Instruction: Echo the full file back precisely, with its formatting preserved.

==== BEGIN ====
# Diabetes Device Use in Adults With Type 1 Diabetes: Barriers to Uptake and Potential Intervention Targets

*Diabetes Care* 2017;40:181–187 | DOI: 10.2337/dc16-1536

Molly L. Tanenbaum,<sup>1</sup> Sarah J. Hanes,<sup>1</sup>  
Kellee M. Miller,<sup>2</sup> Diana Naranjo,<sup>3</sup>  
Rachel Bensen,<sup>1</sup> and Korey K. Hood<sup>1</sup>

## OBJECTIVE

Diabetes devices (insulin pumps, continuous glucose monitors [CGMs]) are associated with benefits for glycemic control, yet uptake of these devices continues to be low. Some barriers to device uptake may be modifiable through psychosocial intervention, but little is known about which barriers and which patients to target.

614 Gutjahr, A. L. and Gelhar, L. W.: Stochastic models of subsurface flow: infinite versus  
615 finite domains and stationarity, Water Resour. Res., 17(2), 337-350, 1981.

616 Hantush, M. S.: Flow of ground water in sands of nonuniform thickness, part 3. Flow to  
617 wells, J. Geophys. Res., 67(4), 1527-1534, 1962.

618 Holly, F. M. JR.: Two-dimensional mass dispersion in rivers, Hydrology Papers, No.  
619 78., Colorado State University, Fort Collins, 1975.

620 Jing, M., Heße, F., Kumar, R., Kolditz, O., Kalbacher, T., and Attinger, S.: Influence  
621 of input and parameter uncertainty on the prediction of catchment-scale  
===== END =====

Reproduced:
# Diabetes Device Use in Adults With Type 1 Diabetes: Barriers to Uptake and Potential Intervention Targets

*Diabetes Care* 2017;40:181–187 | DOI: 10.2337/dc16-1536

Molly L. Tanenbaum,<sup>1</sup> Sarah J. Hanes,<sup>1</sup>  
Kellee M. Miller,<sup>2</sup> Diana Naranjo,<sup>3</sup>  
Rachel Bensen,<sup>1</sup> and Korey K. Hood<sup>1</sup>

## OBJECTIVE

Diabetes devices (insulin pumps, continuous glucose monitors [CGMs]) are associated with benefits for glycemic control, yet uptake of these devices continues to be low. Some barriers to device uptake may be modifiable through psychosocial intervention, but little is known about which barriers and which patients to target.

614 Gutjahr, A. L. and Gelhar, L. W.: Stochastic models of subsurface flow: infinite versus  
615 finite domains and stationarity, Water Resour. Res., 17(2), 337-350, 1981.

616 Hantush, M. S.: Flow of ground water in sands of nonuniform thickness, part 3. Flow to  
617 wells, J. Geophys. Res., 67(4), 1527-1534, 1962.

618 Holly, F. M. JR.: Two-dimensional mass dispersion in rivers, Hydrology Papers, No.  
619 78., Colorado State University, Fort Collins, 1975.

620 Jing, M., Heße, F., Kumar, R., Kolditz, O., Kalbacher, T., and Attinger, S.: Influence  
621 of input and parameter uncertainty on the prediction of catchment-scale  